Heavy equipment is placed low in the larger compartments to make it easy and safe to remove. Lighting was provided on the sides and portable lighting on the rear of the unit.

The front bumper included a recessed winch and accessory boxes. The inside of the rescue body is set up for seating of five firefighters, which include self-contained breathing apparatus (SCBA) seating for three.

Additional water rescue and support equipment is stored in large compartments on either side of the interior. These compartments have clear door panels so compartment contents can be easily viewed. The interior is also well lit and includes a command area with radios and a command board. The rescue body features a heater and separate AC unit.

The department took its existing cascade and fill station and mounted it in a compartment on the officer’s side designed specifically for the equipment.

Cache Of Gear

All equipment is securely mounted and accessible throughout the vehicle. Additionally the department added cribbing, saws, a hydraulic extrication tool, a cache of rescue hand tools, portable generator and a whole host of other support tools to enable this unit to fulfill its mission.

The department has come a long way from its first rescue to this unit, giving itself room to grow while purchasing a compact and highly functional unit.

Here are some thoughts on some items that may make your rescue a little more functional. It is always a good idea to have reflective striping not only on the rear of the apparatus and along its sides, but also inside the cab and compartment doors and at the ends of the rollout tool board so they are more visible at scenes. And, when considering visibility, it might be a good idea to think about warning lights mounted on the inside of the cab doors so, when the door is open, the light is facing traffic as it approaches from the rear of the vehicle.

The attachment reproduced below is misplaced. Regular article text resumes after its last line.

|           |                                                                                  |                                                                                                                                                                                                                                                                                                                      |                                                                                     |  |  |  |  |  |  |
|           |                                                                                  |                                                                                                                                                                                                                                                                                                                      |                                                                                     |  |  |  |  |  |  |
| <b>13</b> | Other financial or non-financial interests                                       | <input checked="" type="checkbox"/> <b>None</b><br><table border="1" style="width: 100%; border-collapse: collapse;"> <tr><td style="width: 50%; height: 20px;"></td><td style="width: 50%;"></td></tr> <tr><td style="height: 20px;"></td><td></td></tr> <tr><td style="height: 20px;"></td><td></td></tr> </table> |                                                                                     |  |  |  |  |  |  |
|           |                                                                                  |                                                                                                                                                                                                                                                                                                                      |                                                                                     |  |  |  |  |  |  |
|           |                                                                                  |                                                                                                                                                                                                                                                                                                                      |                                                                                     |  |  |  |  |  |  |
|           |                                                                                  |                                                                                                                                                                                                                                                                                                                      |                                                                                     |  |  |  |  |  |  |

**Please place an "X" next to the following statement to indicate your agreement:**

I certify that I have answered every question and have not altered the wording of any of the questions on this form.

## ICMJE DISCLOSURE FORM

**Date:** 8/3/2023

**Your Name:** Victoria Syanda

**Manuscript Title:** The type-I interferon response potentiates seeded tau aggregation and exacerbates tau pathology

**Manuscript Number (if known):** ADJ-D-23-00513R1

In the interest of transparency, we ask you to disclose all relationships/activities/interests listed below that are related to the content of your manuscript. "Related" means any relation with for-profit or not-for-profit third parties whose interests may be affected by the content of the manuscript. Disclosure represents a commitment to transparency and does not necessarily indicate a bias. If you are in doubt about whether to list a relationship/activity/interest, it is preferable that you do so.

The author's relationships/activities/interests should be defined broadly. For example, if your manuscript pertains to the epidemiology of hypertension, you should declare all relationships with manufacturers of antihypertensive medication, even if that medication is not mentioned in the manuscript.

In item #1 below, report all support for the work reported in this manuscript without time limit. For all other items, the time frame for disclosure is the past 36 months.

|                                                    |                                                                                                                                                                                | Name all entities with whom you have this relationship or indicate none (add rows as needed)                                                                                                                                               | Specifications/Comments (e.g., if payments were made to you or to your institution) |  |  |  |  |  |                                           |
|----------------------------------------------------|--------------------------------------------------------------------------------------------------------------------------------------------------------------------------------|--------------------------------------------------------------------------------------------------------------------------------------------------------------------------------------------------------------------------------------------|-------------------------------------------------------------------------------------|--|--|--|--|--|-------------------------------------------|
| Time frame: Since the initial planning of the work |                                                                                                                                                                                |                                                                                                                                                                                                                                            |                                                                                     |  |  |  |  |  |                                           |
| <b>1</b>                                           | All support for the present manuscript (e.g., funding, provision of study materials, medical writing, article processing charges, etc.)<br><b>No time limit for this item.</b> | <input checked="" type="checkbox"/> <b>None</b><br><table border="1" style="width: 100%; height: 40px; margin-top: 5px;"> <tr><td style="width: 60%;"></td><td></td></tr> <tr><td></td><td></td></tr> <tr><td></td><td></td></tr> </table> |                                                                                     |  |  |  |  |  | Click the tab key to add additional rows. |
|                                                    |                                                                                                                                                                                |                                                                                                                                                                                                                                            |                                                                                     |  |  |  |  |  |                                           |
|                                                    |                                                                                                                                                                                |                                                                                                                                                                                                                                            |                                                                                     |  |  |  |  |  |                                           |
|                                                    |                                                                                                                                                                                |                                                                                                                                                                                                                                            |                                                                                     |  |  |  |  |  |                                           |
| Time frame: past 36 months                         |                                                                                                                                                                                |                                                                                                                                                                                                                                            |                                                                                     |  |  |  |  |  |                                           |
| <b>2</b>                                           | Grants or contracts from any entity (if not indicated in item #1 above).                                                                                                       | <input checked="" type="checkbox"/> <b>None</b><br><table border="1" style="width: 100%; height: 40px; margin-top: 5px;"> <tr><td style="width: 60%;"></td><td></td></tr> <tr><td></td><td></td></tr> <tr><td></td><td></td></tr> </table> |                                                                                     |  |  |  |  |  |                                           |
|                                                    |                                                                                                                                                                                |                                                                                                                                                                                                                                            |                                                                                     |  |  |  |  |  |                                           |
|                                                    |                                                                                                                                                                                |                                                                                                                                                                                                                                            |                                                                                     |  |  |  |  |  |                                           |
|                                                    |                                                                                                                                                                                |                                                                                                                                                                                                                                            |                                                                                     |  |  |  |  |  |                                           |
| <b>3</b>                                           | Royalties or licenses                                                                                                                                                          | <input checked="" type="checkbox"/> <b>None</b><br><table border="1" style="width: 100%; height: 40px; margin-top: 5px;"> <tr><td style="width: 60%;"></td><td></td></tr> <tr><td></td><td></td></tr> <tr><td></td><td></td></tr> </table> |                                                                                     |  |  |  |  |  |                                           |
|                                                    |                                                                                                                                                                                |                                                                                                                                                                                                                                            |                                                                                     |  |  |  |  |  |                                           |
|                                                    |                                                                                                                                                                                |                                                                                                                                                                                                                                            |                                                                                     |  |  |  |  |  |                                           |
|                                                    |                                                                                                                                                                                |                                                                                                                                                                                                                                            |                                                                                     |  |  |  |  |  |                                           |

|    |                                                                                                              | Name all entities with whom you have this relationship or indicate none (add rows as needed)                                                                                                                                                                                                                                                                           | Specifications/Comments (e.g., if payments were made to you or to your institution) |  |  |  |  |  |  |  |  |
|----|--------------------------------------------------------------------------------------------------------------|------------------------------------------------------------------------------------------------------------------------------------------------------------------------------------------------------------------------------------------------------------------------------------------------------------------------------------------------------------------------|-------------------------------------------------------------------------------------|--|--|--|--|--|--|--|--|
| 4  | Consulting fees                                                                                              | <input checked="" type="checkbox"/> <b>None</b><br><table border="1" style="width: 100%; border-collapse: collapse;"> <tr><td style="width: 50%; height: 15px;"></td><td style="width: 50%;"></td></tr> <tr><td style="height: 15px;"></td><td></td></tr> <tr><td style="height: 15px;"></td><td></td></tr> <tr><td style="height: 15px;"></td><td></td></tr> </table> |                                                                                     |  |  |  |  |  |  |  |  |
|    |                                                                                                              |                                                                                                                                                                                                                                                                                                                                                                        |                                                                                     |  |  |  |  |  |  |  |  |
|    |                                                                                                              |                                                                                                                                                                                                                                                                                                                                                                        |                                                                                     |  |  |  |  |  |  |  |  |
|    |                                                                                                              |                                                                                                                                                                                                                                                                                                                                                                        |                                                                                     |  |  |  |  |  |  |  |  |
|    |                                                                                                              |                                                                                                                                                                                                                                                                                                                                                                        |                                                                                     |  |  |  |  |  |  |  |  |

It’s also a good idea to install receivers on both sides and at the front and rear of the vehicle to accept a portable winch.

If the vehicle might be used as an incident command post, consider mounting a couple of regular phone jacks on the outside and inside of the box and purchase a couple of hundred feet of module phone cable and a couple of phones so you can have hard-line phone communication if needed.

It’s impossible to have too much lighting, so departments should include whole compartment lights, not just front or ceiling lights. Underbody lights are also good things, as are fixed and portable scene light – necessities in the rescue business.

Departments considering preconnected extrication tools should install preconnect outlets in the front bumper and at the rear of the apparatus to make sure rescuers can reach the scene with tools.

Along those same lines, departments should make sure they have enough electrical power and outlets for scene operations.

The inside of the apparatus cab also needs some attention too. It’s critically important to properly mount and secure all equipment kept inside the cab. A laptop in the cab is also a good idea as there are programs for the latest hazmat and vehicle rescue information, and having quick and easy access to that information can be life saving.

So, when writing specifications for a rescue, take time to do research and don’t hesitate to go to the shows, or visit other department for fresh ideas and directions.

As always, stay safe and return to quarters.

Editor’s Note: Allen Baldwin is the manager of operations and incident response for the Pennsylvania Turnpike Commission and a volunteer captain with the Gettysburg (Pa.) Fire Department. He has been a firefighter and EMT for over 25 years, once serving as a career fire chief, and is an instructor with the Pennsylvania State Fire Academy and several community colleges.